Reserve and Guard Montgomery GI Bill

Under the Reserve and Guard Montgomery GI Bill, some members of the Selected Reserve can receive up to 36 months of educational benefits. To qualify, reservists must have made a six-year commitment after June 30, 1985. For an officer, this would include six years beyond the original commitment. Educational benefits cannot be awarded until applicants have fulfilled the initial active duty for training (IADT) and met high school diplomas or equivalency requirements.

The Montgomery Bill once also included the Reserve Educational Assistance Program (REAP), which offered educational assistance to reserve members who were called to active duty in times of war or national emergency. The National Defense Authorization Act of 2016 officially ended REAP, as the program was largely replaced by the Post-9/11 GI Bill’s educational benefits.

Buy-Up Program

Some service members looking to increase their educational benefits can participate in a buy-up program, which may deliver up to $5,400 in additional benefits in exchange for a $600 contribution. However, this contribution must be made while the service member in question is on active duty. Buy-up contributions are only available for the Montgomery GI Bill and REAP. Applicants must have joined the military after June 30, 1985.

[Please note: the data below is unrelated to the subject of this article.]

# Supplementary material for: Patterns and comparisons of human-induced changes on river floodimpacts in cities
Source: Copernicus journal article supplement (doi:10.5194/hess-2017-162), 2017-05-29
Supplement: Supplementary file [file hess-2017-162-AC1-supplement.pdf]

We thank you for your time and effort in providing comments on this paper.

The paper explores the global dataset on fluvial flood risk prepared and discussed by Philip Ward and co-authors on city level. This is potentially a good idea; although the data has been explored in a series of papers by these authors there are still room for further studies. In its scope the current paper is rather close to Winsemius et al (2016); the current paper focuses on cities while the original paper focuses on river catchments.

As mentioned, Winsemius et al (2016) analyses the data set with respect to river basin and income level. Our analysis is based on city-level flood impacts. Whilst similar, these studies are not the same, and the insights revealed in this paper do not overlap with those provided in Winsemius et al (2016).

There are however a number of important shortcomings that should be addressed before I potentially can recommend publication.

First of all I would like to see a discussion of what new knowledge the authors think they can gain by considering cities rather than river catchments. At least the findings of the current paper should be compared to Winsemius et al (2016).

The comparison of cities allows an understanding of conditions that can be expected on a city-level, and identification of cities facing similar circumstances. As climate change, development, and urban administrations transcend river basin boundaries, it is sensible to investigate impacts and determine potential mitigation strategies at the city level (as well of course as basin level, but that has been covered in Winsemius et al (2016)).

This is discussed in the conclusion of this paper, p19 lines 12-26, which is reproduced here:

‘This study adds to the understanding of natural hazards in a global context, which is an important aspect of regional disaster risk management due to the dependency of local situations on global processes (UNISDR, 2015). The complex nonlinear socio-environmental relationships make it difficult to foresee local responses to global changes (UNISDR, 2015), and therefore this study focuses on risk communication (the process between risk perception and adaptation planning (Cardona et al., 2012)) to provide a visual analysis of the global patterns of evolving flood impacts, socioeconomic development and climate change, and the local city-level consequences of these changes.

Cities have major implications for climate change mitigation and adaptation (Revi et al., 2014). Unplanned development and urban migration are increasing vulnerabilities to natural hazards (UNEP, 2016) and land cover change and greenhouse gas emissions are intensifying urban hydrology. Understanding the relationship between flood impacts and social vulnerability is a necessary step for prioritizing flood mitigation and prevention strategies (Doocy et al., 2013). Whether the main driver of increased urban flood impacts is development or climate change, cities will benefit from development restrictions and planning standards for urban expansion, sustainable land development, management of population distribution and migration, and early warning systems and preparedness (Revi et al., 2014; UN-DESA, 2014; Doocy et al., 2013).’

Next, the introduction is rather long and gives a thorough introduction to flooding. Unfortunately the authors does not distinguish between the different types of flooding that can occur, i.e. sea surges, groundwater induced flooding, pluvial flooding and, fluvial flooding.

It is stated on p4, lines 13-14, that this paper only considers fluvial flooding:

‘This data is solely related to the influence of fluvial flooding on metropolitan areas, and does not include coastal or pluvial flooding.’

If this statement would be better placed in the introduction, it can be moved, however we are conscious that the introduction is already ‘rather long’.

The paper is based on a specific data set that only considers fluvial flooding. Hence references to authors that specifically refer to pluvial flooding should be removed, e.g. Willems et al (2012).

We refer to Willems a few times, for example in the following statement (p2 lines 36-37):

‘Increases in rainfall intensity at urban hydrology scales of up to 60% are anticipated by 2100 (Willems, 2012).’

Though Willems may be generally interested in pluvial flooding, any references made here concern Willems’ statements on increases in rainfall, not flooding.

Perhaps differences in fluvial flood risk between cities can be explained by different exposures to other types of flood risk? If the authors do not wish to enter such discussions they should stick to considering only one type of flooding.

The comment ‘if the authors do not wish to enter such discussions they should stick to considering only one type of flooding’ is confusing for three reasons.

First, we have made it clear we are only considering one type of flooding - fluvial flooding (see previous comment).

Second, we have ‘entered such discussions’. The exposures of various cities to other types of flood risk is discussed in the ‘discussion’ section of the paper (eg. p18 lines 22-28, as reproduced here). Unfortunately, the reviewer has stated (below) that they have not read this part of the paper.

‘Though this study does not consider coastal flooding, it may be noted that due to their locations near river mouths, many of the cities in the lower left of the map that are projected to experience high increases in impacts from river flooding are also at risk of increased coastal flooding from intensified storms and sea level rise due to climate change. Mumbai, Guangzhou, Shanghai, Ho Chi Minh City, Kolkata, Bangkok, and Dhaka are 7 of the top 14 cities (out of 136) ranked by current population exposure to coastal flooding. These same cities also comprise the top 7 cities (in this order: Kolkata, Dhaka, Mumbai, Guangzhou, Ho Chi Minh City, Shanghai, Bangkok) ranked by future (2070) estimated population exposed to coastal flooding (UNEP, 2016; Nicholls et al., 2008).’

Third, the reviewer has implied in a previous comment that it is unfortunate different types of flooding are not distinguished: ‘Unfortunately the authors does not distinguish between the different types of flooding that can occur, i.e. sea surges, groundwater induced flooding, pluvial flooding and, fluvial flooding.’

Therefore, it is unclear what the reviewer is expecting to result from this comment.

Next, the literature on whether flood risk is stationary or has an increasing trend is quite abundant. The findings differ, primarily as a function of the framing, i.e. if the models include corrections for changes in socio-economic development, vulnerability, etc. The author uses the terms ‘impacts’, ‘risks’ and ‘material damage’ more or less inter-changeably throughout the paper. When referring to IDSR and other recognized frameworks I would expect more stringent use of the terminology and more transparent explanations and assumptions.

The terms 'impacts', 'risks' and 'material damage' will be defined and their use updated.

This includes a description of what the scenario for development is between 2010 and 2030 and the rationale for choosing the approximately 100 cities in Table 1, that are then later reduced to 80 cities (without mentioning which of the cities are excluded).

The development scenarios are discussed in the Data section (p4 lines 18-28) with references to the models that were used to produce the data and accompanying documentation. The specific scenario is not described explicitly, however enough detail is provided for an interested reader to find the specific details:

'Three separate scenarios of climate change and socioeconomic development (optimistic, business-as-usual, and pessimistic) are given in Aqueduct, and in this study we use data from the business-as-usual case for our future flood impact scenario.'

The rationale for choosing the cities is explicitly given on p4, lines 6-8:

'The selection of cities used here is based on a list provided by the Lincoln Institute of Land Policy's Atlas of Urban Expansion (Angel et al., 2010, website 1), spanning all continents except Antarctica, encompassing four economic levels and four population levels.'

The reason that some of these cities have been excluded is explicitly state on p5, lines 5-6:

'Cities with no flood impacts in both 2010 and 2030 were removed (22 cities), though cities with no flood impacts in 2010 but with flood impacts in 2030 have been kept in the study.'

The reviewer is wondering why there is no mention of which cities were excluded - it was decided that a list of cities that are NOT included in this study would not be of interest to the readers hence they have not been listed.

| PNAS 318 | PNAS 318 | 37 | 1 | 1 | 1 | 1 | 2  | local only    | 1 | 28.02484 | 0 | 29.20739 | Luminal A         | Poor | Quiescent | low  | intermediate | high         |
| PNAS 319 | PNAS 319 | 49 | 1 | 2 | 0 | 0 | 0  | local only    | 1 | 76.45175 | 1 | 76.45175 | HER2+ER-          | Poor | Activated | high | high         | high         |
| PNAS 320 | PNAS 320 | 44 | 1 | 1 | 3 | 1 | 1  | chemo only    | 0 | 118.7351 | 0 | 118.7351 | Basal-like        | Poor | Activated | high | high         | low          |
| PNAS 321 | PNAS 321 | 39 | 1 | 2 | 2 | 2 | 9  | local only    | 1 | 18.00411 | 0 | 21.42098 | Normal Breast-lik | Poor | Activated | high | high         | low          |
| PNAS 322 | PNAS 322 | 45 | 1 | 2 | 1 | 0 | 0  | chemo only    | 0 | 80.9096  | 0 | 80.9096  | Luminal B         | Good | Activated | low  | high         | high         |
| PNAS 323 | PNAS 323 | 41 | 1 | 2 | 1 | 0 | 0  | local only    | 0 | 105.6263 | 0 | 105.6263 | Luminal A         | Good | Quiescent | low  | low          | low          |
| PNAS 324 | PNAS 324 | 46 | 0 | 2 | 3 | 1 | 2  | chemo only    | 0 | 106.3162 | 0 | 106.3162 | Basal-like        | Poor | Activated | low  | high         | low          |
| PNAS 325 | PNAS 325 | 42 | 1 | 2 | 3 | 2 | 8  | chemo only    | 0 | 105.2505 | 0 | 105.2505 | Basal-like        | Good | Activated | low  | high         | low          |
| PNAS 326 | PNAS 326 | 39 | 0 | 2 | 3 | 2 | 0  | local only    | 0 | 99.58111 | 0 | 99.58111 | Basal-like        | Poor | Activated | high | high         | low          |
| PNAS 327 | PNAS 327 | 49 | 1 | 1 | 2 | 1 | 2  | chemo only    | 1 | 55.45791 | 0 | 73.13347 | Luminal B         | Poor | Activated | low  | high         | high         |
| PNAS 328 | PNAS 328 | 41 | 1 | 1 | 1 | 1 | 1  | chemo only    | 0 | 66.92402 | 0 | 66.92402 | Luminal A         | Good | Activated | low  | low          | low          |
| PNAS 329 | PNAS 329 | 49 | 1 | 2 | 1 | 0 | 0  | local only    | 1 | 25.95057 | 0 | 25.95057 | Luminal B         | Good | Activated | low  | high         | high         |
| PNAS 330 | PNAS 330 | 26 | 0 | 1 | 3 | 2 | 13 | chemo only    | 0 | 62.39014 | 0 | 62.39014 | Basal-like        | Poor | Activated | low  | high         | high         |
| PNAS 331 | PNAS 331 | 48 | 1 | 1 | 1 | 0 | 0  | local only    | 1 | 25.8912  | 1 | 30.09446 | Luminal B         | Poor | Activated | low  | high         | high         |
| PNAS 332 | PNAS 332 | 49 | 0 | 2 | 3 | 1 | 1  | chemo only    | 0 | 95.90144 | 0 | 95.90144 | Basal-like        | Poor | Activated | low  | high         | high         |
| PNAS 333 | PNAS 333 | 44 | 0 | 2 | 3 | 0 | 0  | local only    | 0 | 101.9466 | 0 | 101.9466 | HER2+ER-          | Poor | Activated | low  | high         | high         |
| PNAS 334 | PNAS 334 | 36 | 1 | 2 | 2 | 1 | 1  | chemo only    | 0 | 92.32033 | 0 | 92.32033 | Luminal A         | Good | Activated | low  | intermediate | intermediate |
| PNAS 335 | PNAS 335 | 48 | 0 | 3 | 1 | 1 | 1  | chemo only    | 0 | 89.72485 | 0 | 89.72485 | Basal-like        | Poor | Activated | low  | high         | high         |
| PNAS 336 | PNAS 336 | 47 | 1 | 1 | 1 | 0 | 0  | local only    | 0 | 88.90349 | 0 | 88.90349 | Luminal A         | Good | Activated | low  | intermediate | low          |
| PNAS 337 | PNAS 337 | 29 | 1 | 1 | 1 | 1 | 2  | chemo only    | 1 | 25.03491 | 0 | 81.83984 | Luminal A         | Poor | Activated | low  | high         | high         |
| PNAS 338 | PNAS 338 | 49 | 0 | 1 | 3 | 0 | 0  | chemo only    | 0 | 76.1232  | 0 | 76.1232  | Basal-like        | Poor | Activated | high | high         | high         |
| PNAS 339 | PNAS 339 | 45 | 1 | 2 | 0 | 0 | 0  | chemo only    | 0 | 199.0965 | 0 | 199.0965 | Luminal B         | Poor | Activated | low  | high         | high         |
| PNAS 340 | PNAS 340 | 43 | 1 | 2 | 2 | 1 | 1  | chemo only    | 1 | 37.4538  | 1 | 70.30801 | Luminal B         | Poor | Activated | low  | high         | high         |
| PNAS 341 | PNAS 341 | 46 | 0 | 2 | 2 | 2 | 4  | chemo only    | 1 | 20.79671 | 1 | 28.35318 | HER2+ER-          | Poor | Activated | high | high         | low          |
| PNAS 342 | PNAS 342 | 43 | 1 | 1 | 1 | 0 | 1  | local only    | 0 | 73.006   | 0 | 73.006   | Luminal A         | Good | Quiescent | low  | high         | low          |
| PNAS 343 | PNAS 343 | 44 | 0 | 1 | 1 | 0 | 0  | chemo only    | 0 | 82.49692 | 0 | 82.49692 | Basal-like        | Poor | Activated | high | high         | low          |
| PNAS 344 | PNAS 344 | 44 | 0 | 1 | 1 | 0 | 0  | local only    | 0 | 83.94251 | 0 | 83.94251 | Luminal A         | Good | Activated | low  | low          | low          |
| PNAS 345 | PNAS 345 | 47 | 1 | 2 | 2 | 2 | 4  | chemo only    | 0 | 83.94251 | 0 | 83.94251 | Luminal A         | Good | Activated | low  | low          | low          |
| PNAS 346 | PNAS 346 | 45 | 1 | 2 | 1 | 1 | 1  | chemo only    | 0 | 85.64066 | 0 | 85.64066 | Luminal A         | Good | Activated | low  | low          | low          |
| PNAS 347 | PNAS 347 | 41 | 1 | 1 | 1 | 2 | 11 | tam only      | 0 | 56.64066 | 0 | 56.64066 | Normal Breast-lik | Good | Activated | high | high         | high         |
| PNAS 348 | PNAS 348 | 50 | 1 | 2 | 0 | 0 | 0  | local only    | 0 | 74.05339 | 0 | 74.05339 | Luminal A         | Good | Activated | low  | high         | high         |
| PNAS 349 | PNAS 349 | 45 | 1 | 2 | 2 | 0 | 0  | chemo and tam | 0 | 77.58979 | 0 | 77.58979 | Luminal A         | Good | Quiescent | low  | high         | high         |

Kicker Bonuses

Sometimes referred to as Navy, Army or Marine Corps College Funds, the GI Bill Kicker provides additional educational benefits in exchange for enlisting or re-enlisting in critical military units. This incentive can be used alongside other GI Bill programs to achieve impressive coverage of academic expenses. The program is handled by the Department of Defense, which determines who is eligible and how much each recipient will receive.

How Can Your GI Bill Benefits Be Applied to Your Education?

Once you’ve navigated the complications of GI Bill eligibility, you can apply your benefits to a variety of academic endeavors. Many students enjoy extensive—or even full—coverage of college tuition and fees, along with significant allowances for books and other essential supplies.

Another exciting element of the GI Bill is housing coverage under the Monthly Housing Allowance (MHA) program. If you attend classes in person in the United States, your coverage will largely depend on your college’s ZIP code. A separate allowance rate is provided for those involved exclusively in online training.

Other common GI Bill provisions include:

  •       Testing programs such as SAT, ACT, or CLEP
  •       Reimbursement for licensing and certification
  •       Academic assistance from tutors
  •       Apprenticeship programs

Transferring Benefits

Unused benefits from the Post-9/11 GI Bill can often be transferred to spouses and dependents. Your ability to transfer benefits largely rests on your previous service of at least ten years (or your willingness to serve an additional four years if you’ve already served six). Ultimately, however, transfer eligibility is determined by the Department of Defense.

The GI Bill provides an outstanding opportunity to obtain post-secondary training at a minimal cost. By taking full advantage of this spectrum of VA and DoD programs, you can position yourself for success in the quickly evolving civilian workforce.

Are you ready to put the GI Bill to work for you? Contact Post University today and let’s start talking about how you can make the most of your well-earned educational benefits with a degree program from an accredited, military-friendly university.